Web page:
Thyroid Cancer in Childhood and Adolescence


Fig. 16.1
A 9-year-old female presented with a mass in L side of the neck. US (a): Mass L side isthmus: microcalcification, increased vascularity, and patchy heterogeneous echogenicity in remainder of gland. Abnormal lymph nodes bilaterally consistent with metastatic disease. Chest X-ray (b) was normal. Pre-RIT 123I WBS (c) shows marked RAI uptake throughout both lung fields and significant residual thyroid tissue and loco-regional disease within the neck (a). Follow-up 123I whole-body scan at 6 months post surgery (b) shows a good response to RIT (6.3 GBq) but with persisting disease diffusely throughout the lungs. She was treated with a further dose of 6.3 GBq 131I. Her Tg has fallen to 306 ug/L from a baseline of 642 ug/L. Note reduced uptake in the left salivary glands due to sialadenitis


Fig. 16.2
A 12-year-old male (weight 45 kg) presented with a dominant left thyroid nodule and palpable bilateral neck lymphadenopathy. Post thyroidectomy and extensive bilateral neck and mediastinal dissection, RAI therapy at a dose of 3.7 GBq was given. WBS shows extensive residual bilateral lymph node disease (a). At 6 months’ follow-up 123I WBS is normal (b). Tg after withdrawal of T4 (TSH 109 mU/L) was 6.4 ug/L, and US of the neck was normal. SPECT/CT (c) of the neck was performed and shows a focal increase consistent with recurrent disease in level II on the left side. This was confirmed at surgery

16.5 Surgery

The optimal surgical management in paediatric/adolescent DTC follows the surgical recommendations in adult DTC. Due to the high incidence of multifocal disease (42 %), loco-regional metastatic disease, distant metastases, and the higher recurrence rate in paediatric patients, near or total thyroidectomy is recommended [12, 25, 31, 34, 37]. Total thyroidectomy allows more accurate follow-up using serum Tg and 123I/131I whole-body scans. Near or total thyroidectomy results in a significantly lower recurrence rate in both adults and in children/adolescents. If nodal metastases are diagnosed preoperatively with ultrasound or biopsy, selective lymph node dissection is usually performed. Our institution and many other paediatric centres recommend that central compartment neck dissection should also be undertaken. This is particularly indicated if enlarged or abnormal nodes are detected by palpation or ultrasound. The main argument against total thyroidectomy is the risk of complications including hypoparathyroidism and laryngeal nerve damage. However if surgery is performed by experienced thyroid surgeons with paediatric expertise, there is no significant increase in complications [9, 12, 25, 31, 34, 37].

16.6 Radioiodine-131 Ablation and Therapy (RIT)

Surgery is usually followed by RIT, and this is a major therapeutic component of management in children and adults with DTC. The goal of the first RIT is for remnant ablation which facilitates initial staging and detection of recurrent disease in follow-up (serum Tg and 123I/131I WBS) and as adjuvant therapy with the aim of treating known residual disease and destroying microscopic disease (Figs. 16.1 and 16.2). There are large retrospective studies confirming a decrease in loco-regional recurrence and reduced overall specific mortality [6, 9, 30, 31, 39]. The National Thyroid Cancer Treatment Cooperative Study group showed after near total thyroidectomy followed by RIT and suppressive thyroid hormone (levothyroxine, LT4) therapy, there was significant improved overall survival in patients with NTCTCSG stage III and IV disease. There was some benefit in stage II disease but no impact in stage I disease [19]. Guidelines published by the ATA and the European Society for Medical Oncology agree in the use of RIT in high-risk adult patients and state that RIT is not necessary in unifocal papillary thyroid microcarcinomas (PTMC) without metastases, capsule invasion, and lack of aggressive histologies. In adults, low-risk patients have an excellent prognosis with no proven benefit from RIT, despite the risk stratification and methods used (AMES, MACIS). RIT may be recommended in low-risk patients for more specific follow-up using serum Tg measurements. RIT is also effective in the treatment of small residual tumours and metastases, which can occur in microcarcinoma [6, 10, 27]. Nodal metastases have been described in approximately 38 % of PTMC [17, 26]. Middendorp and Grünwald recommend that RIT should be undertaken routinely in DTC with few exceptions [24].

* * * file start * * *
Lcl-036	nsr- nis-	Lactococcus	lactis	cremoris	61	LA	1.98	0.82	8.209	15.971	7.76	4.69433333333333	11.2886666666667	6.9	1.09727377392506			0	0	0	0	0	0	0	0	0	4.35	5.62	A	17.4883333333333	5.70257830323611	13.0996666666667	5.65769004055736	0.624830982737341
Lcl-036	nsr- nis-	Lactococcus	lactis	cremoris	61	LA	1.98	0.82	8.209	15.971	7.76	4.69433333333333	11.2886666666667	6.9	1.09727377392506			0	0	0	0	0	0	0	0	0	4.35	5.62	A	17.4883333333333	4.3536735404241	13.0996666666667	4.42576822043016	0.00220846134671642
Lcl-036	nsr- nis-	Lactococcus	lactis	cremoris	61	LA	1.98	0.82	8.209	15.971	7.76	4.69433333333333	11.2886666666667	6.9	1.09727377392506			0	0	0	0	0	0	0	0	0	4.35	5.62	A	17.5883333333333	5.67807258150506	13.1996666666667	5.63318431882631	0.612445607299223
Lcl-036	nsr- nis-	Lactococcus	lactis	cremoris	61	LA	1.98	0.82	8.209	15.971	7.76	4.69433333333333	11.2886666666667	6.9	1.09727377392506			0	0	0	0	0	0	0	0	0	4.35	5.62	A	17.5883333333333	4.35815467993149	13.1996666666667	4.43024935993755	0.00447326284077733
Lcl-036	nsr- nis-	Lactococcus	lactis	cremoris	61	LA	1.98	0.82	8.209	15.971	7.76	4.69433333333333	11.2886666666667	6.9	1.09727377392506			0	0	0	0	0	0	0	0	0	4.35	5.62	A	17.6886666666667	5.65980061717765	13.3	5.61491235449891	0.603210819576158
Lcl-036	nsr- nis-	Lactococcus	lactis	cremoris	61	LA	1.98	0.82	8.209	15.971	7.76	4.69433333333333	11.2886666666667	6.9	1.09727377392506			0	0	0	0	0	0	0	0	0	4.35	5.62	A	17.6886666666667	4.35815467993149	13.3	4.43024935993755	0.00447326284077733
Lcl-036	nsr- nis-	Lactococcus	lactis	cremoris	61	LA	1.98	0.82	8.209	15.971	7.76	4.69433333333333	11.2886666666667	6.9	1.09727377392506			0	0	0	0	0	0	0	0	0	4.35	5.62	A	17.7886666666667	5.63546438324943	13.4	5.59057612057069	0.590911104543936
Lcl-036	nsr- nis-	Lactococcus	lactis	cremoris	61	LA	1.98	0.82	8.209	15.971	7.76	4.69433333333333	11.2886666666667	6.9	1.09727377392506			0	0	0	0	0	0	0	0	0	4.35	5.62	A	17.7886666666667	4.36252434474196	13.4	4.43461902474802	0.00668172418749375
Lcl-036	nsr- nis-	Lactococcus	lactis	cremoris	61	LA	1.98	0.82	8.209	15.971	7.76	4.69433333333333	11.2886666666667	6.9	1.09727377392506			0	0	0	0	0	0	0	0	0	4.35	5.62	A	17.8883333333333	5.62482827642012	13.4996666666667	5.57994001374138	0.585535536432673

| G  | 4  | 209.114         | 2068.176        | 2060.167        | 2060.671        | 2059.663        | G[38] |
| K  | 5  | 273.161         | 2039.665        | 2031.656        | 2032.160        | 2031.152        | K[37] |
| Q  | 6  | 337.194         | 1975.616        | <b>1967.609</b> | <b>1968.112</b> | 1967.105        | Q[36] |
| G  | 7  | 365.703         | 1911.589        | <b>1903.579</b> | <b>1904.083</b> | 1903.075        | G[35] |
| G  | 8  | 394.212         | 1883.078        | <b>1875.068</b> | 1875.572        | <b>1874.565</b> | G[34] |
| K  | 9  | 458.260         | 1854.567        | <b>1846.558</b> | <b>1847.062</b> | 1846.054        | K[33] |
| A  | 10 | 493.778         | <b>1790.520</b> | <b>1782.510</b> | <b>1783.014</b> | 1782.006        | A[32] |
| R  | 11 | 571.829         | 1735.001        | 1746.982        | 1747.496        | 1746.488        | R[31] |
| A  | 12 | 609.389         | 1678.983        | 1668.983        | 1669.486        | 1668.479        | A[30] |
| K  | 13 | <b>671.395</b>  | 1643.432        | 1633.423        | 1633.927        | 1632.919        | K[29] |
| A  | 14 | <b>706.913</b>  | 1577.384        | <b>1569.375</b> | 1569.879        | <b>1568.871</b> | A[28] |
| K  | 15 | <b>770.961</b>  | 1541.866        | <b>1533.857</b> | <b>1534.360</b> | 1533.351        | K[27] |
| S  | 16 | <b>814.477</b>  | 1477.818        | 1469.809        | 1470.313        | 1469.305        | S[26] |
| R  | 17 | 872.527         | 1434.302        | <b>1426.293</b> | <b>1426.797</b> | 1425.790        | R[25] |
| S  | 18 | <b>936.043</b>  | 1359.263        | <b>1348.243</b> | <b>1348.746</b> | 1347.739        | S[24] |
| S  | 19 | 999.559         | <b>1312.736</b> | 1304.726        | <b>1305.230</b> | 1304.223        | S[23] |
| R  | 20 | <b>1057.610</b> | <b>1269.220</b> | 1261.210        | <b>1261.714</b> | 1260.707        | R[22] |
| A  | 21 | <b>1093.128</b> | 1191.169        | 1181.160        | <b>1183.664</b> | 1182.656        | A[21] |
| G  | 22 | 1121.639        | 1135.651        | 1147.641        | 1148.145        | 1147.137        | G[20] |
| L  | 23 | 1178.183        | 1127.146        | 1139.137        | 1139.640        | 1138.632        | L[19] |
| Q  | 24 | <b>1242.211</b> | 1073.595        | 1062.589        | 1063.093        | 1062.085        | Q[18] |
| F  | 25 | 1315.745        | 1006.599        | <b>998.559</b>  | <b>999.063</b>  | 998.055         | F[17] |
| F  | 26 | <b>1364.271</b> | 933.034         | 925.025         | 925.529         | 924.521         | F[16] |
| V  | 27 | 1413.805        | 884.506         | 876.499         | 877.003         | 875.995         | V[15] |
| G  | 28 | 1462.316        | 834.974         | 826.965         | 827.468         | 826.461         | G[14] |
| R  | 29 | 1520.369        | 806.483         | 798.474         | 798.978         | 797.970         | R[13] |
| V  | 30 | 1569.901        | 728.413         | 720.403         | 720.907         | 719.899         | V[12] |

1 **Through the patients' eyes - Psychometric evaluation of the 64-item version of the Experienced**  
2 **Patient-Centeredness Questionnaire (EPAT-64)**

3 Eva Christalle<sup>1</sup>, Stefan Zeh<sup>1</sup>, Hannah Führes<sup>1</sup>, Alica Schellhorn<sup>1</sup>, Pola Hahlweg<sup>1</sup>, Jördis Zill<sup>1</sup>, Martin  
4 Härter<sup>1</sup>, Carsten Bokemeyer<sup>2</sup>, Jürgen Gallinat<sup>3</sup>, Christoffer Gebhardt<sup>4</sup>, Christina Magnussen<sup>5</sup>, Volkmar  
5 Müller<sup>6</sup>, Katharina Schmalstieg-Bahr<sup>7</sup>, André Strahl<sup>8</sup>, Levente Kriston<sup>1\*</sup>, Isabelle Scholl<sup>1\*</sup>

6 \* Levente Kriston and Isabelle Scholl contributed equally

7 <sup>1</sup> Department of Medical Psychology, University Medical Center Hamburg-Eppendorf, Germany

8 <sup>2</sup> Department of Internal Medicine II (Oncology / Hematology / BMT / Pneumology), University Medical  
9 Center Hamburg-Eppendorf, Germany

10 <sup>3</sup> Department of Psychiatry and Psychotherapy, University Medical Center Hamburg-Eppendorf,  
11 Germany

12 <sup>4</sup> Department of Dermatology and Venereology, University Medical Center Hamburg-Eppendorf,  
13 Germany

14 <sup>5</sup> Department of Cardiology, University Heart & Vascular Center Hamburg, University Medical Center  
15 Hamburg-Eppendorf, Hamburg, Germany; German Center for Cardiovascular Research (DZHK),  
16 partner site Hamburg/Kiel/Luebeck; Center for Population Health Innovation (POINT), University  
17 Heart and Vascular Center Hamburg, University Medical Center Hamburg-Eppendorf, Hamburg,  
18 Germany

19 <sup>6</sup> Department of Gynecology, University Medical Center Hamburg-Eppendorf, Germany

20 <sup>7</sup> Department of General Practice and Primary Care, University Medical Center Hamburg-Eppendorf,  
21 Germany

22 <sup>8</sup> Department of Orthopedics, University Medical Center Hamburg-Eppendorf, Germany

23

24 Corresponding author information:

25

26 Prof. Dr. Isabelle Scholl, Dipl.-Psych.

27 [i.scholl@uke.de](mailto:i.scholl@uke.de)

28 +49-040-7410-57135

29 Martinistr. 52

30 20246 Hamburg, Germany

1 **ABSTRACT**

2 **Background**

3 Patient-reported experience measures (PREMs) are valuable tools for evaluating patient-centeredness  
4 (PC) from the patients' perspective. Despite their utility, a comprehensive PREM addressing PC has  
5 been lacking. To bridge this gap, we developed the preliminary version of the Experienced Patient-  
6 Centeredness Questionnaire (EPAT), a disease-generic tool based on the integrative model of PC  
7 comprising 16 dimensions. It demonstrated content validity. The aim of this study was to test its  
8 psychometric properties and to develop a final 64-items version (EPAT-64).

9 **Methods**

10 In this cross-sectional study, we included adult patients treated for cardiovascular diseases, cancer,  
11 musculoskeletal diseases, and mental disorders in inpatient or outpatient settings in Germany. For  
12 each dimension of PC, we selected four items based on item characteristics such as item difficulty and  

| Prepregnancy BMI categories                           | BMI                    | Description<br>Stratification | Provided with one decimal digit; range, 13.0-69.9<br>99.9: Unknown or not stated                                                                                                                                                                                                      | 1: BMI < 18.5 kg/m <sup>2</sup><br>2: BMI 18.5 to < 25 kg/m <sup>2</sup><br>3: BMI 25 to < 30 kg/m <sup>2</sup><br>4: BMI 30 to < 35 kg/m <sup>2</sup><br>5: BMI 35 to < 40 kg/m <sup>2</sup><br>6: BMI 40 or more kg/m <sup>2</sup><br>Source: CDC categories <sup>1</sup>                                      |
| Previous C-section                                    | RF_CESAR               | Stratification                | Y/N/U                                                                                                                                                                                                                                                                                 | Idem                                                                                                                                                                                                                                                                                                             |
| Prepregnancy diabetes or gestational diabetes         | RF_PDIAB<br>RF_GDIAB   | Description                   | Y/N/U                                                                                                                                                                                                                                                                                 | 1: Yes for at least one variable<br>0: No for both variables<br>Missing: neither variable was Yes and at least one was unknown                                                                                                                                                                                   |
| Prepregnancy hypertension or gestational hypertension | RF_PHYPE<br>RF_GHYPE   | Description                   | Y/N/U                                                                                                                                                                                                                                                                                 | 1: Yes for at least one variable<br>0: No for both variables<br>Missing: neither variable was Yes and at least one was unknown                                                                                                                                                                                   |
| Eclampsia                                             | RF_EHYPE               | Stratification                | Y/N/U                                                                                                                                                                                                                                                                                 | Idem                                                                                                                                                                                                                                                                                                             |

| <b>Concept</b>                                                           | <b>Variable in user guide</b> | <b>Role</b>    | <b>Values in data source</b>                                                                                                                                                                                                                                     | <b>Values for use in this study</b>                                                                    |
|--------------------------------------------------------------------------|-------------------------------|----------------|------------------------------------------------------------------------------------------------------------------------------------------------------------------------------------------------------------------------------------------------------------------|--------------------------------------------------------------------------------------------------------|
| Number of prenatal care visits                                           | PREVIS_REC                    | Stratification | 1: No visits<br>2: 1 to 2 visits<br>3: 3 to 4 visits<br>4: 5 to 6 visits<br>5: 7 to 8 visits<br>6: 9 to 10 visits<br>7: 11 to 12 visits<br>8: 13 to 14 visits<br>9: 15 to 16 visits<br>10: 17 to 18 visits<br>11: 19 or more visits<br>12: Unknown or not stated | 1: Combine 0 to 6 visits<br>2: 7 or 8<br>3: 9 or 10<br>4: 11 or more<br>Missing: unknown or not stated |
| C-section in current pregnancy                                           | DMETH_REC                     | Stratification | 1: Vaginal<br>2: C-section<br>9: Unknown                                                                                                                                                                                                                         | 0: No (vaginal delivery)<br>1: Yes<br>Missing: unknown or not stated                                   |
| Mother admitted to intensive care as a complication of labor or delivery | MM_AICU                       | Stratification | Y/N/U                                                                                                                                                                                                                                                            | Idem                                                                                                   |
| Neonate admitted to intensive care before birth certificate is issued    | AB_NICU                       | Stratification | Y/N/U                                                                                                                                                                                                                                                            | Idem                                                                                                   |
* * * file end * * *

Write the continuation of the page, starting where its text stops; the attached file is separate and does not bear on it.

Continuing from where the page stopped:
Even though the role of RIT in paediatric DTC continues to be controversial, the majority of paediatric centres managing DTC recommend RIT in all paediatric patients except possibly for stage I disease. RIT is strongly advocated by Chow et al. in children with DTC. They recommend RIT in paediatric patients if any of the following is present: tumour size >1 cm, cervical lymph node disease, extrathyroidal extension, residual postoperative disease in situ or distant metastases. Interestingly Chow et al. report only two children in their cohort with small <1 cm cancers. Both of these had metastatic disease: one had cervical lymph node involvement and the other pulmonary metastases. Local recurrence rates in children who did not receive RIT have been reported to be significantly higher (42 %) compared with children who received RIT (6 %). Pulmonary metastases developed in 20.8 % of these patients who did not have distant metastases at presentation and had total thyroidectomy but were not treated with RIT. A comparison cohort of 32 patients who had been treated with RIT did not develop pulmonary metastases. Differences were also found in outcomes for children treated between 1960 and 1986 compared with those treated between 1986 and 1997. Total thyroidectomy was less often performed prior to 1986 (67 % vs. 93.5 %), and these patients were less likely to receive RIT (44.8 % vs. 0 %). Children treated prior to 1986 had a higher rate of local recurrence (37.9 % vs. 3.2 %) and distant metastases (17.2 % vs. 0 %) [5]. Handkiewicz-Junak et al. reported 174 children treated with RIT after surgery. Multivariate analysis showed that total thyroidectomy and adjuvant RAI treatment independently decreased loco-regional recurrence risk. The overall consensus indicates that RIT significantly reduces recurrence of thyroid carcinoma even though this may take 20 or more years to occur [12, 28, 31]. A recent publication reported the higher likelihood of recurrence related to younger age group, conservative surgical management, no RIT and multifocal cancer [25]. For successful ablation, serum TSH must be elevated to >30 mU/L to achieve maximal RAI uptake. In children, this usually occurs faster than in adults and takes between 2 and 3 weeks of LT4 withdrawal. Hung and Sarlis advocate using l-triiodothyronine (LT3) immediately after surgery for 4 weeks and withdrawing this for a further 2 weeks prior to ablation [15]. Some centres are increasingly using LT4 supplement post surgery followed by recombinant human thyrotropin (rhTSH) stimulation for the RIT [23].